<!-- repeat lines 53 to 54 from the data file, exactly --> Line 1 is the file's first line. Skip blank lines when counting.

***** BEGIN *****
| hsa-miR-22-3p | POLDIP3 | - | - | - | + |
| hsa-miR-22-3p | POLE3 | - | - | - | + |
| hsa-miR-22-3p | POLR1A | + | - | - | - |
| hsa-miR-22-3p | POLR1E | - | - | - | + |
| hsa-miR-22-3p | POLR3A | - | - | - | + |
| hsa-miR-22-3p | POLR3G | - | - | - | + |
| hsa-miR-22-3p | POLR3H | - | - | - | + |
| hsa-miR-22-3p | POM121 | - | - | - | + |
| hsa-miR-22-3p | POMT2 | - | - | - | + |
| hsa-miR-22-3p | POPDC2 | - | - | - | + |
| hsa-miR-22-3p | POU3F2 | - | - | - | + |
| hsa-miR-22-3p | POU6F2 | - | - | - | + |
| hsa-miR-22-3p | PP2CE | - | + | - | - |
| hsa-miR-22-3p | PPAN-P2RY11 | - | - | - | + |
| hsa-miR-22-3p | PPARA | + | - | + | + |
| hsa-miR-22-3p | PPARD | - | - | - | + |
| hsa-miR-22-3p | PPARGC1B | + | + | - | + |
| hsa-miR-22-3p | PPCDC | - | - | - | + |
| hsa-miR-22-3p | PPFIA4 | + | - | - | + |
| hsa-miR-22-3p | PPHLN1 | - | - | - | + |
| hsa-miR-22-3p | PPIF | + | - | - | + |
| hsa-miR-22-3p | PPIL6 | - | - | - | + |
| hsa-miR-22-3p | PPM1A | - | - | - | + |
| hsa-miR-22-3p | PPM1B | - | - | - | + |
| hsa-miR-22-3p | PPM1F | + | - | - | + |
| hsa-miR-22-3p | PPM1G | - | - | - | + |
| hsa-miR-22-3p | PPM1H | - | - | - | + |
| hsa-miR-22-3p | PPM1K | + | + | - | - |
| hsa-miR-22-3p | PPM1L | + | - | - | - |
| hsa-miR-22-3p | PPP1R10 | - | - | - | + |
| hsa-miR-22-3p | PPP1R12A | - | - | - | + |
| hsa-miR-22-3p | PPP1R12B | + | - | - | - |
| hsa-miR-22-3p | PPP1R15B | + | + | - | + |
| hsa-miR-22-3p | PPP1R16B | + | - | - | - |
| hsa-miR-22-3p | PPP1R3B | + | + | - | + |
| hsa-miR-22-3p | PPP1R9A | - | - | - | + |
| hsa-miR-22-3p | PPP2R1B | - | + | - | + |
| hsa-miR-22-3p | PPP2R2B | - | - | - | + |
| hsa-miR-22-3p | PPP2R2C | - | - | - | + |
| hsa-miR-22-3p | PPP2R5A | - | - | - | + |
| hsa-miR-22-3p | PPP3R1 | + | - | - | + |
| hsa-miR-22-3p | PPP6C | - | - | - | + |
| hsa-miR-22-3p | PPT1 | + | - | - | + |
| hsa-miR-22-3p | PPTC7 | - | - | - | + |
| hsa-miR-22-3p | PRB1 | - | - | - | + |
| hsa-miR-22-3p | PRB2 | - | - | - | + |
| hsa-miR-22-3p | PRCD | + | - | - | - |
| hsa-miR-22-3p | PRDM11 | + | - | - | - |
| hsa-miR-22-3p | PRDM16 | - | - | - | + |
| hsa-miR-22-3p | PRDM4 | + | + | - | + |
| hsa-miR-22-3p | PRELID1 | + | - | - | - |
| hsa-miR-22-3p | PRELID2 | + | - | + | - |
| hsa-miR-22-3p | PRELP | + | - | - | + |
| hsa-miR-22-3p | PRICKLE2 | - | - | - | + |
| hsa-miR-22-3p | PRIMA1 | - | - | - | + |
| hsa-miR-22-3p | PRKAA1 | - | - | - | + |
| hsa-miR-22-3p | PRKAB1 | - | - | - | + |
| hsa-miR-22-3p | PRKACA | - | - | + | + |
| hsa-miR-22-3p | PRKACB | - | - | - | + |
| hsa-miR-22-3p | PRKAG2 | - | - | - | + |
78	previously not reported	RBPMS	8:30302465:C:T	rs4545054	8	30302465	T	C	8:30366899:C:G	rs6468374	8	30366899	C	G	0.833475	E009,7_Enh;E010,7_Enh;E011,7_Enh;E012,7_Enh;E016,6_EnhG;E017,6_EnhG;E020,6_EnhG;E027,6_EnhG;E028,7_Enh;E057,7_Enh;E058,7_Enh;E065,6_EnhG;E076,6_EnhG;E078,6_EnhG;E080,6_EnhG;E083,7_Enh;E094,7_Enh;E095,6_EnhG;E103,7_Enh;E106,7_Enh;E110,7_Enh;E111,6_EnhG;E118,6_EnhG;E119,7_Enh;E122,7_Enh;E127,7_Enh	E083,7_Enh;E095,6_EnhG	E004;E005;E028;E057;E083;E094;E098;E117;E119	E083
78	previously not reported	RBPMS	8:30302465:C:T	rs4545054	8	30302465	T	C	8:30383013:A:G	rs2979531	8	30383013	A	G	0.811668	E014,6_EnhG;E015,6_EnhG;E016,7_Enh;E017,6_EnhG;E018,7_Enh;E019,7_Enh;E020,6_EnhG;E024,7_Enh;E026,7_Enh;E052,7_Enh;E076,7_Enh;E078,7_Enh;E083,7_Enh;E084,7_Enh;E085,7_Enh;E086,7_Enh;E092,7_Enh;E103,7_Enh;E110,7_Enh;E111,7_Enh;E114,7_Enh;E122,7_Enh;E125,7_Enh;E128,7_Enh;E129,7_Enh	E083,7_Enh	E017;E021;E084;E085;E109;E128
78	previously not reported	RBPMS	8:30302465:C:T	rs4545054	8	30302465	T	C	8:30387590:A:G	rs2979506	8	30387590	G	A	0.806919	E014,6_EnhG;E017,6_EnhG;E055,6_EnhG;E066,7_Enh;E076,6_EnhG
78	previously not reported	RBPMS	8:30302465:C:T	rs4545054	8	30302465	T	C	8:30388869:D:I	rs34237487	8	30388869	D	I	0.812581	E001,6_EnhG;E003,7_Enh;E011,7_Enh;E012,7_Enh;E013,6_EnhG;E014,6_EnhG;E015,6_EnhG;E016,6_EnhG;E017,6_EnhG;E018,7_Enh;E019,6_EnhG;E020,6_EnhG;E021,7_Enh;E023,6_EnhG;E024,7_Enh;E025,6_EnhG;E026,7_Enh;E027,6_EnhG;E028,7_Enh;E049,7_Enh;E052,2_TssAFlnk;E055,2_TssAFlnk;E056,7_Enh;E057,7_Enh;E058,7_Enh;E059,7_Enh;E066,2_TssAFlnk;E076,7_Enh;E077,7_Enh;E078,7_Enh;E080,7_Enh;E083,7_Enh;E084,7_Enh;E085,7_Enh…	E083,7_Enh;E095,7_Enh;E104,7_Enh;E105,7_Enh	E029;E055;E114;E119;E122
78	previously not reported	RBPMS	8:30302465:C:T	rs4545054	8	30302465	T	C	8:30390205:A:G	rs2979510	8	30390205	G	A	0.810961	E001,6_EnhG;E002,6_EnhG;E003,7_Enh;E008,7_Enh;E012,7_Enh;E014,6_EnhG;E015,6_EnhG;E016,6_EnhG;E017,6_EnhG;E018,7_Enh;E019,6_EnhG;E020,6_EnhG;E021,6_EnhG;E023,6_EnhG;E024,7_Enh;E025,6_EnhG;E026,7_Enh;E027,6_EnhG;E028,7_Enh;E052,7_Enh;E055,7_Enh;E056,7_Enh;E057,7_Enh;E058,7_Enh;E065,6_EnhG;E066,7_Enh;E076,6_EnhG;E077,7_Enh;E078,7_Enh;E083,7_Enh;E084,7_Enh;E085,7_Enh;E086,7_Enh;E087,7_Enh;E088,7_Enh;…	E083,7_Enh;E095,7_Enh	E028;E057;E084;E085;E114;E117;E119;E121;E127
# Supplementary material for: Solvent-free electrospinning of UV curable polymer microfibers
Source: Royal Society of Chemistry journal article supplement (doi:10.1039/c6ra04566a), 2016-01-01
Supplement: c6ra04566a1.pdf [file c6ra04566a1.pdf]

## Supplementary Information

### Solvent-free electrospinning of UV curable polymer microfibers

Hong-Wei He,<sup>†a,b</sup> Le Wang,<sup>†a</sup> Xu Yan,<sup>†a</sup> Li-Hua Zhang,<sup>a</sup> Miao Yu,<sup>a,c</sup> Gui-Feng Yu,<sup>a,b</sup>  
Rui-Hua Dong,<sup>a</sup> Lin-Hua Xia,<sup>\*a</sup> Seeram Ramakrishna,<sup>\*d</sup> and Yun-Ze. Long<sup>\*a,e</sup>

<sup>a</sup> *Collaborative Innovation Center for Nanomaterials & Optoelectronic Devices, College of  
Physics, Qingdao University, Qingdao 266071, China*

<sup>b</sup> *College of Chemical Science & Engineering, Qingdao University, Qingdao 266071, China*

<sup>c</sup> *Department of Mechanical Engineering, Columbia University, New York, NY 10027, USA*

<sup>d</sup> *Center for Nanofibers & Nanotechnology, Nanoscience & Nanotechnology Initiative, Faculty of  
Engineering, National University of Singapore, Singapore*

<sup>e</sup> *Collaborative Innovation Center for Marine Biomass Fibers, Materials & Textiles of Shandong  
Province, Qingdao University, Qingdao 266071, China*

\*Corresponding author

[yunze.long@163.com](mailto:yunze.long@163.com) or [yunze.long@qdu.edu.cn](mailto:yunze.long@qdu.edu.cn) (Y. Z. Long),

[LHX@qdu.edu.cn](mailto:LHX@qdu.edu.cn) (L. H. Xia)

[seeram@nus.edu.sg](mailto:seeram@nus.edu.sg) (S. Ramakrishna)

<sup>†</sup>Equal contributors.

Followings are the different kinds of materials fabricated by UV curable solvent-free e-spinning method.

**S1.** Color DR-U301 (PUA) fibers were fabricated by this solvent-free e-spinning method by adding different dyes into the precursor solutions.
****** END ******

| hsa-miR-22-3p | PRELP | + | - | - | + |
| hsa-miR-22-3p | PRICKLE2 | - | - | - | + |